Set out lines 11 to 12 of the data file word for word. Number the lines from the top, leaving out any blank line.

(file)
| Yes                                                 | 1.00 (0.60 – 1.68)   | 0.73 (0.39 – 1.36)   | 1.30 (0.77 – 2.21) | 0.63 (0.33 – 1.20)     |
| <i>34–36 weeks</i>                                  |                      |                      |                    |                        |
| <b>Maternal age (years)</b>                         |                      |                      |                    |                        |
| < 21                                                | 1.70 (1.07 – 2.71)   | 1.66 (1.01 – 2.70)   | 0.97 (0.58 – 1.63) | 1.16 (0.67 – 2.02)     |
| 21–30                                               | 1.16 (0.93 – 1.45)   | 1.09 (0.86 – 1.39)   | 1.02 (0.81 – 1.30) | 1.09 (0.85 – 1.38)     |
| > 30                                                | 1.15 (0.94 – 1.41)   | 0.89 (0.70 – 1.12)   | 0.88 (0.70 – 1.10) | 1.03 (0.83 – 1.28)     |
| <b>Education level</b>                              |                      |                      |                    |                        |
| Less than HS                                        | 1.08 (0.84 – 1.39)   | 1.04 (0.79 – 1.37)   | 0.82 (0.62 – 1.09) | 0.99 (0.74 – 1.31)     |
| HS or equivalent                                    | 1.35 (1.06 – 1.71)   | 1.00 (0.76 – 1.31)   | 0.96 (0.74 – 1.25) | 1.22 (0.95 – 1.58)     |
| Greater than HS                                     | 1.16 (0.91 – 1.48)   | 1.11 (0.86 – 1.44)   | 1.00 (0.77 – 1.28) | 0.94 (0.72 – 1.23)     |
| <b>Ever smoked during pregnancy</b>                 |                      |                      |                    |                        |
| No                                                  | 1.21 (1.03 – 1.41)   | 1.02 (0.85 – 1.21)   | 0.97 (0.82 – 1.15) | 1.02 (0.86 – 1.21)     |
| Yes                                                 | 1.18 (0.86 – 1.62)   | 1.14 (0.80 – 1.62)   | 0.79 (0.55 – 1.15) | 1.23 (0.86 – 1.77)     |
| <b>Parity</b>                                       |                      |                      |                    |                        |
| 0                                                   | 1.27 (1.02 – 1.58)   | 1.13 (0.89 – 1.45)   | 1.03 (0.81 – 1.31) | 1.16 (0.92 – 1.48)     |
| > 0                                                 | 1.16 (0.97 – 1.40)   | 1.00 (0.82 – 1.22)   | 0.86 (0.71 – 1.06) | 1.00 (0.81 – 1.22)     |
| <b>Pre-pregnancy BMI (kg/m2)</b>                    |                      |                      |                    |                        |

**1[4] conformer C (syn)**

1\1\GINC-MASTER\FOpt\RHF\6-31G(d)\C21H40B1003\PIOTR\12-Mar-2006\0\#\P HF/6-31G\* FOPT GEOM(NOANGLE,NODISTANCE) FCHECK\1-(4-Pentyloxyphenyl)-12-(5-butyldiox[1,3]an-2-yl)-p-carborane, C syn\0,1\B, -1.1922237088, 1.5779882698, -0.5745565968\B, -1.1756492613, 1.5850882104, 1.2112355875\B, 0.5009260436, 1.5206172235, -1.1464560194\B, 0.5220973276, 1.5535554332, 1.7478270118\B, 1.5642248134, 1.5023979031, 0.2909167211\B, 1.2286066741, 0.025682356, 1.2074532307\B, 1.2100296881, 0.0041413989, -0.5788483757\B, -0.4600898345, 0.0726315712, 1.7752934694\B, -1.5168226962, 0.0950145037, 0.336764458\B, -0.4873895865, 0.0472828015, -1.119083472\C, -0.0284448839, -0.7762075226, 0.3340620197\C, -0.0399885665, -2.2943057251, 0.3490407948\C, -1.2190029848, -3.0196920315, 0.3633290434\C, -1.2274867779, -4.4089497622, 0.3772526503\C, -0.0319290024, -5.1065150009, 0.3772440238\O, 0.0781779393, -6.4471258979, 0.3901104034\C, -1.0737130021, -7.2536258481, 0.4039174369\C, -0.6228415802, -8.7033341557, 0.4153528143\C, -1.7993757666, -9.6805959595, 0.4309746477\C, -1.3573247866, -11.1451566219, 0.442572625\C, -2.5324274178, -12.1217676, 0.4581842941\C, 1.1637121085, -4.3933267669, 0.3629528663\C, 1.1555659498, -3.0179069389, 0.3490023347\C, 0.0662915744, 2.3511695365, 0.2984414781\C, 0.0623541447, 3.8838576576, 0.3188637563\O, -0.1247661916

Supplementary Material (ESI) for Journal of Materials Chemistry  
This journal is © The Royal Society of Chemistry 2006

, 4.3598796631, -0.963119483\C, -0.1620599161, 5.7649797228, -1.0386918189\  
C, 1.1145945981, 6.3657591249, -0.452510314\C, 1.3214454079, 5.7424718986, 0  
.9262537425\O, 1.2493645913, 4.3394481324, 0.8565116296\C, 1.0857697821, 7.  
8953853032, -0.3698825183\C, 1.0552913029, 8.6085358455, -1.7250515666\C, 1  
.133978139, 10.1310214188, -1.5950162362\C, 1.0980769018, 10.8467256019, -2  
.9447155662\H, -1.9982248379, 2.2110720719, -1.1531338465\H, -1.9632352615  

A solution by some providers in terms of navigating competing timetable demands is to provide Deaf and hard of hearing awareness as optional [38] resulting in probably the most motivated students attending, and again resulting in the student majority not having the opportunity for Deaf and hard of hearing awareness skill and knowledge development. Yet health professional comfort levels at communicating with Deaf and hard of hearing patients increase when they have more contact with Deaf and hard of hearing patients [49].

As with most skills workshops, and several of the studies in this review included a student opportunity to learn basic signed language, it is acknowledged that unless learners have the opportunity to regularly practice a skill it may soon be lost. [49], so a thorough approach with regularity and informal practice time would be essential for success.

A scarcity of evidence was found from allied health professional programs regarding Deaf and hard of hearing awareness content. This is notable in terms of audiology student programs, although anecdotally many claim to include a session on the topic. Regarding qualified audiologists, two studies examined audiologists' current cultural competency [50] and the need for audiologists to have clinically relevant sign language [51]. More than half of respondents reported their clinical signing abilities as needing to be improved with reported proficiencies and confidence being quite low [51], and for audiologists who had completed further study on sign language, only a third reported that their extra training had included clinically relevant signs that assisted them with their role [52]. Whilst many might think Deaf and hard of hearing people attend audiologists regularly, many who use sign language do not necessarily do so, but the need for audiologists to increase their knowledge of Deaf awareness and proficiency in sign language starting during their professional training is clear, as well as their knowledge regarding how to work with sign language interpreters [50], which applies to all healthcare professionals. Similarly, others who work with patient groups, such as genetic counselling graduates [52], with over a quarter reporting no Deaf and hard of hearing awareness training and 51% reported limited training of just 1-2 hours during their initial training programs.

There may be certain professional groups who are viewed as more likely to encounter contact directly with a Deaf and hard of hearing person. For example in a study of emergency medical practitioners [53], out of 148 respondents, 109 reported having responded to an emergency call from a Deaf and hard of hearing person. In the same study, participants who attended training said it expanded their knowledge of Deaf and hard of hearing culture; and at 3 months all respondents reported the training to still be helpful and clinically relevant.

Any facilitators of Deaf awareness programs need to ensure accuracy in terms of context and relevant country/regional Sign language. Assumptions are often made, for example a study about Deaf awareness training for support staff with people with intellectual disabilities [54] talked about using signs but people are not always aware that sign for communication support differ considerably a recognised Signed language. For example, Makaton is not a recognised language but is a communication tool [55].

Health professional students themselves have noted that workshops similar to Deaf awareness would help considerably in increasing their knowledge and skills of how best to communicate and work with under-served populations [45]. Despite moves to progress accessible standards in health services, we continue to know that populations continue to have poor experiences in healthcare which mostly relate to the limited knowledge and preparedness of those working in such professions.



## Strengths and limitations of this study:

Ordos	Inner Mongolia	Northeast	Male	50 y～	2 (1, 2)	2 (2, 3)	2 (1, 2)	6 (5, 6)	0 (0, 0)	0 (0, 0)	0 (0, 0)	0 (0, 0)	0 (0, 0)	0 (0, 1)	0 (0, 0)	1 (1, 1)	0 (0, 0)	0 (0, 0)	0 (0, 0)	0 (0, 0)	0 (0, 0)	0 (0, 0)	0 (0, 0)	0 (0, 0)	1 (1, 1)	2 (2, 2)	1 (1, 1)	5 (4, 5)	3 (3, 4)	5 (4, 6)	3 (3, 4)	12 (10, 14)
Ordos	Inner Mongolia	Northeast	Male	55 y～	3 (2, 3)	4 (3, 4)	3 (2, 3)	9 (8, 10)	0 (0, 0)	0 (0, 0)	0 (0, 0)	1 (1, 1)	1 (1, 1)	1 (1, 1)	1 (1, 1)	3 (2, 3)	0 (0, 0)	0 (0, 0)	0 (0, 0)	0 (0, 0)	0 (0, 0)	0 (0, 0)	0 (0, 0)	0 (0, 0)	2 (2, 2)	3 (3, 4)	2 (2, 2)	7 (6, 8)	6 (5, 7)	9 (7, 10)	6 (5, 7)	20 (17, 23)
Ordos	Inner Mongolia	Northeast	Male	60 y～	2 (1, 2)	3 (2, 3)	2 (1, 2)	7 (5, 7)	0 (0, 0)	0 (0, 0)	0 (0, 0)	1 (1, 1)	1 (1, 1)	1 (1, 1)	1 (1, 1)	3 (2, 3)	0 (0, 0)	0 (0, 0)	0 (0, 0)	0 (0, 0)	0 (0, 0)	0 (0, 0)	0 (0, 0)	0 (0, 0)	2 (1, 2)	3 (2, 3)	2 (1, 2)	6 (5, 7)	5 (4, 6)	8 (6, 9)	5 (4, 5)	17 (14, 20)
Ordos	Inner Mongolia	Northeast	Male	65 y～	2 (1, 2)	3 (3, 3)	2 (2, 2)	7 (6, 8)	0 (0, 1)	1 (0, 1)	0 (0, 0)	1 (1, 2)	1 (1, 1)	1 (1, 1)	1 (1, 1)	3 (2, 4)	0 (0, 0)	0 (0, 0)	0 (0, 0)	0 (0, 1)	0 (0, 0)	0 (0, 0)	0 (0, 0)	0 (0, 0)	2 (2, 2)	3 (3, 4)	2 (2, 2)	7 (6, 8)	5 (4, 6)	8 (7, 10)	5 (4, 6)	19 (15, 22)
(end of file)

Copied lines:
| <b>Ever smoked during pregnancy</b>                 |                      |                      |                    |                        |
| No                                                  | 1.21 (1.03 – 1.41)   | 1.02 (0.85 – 1.21)   | 0.97 (0.82 – 1.15) | 1.02 (0.86 – 1.21)     |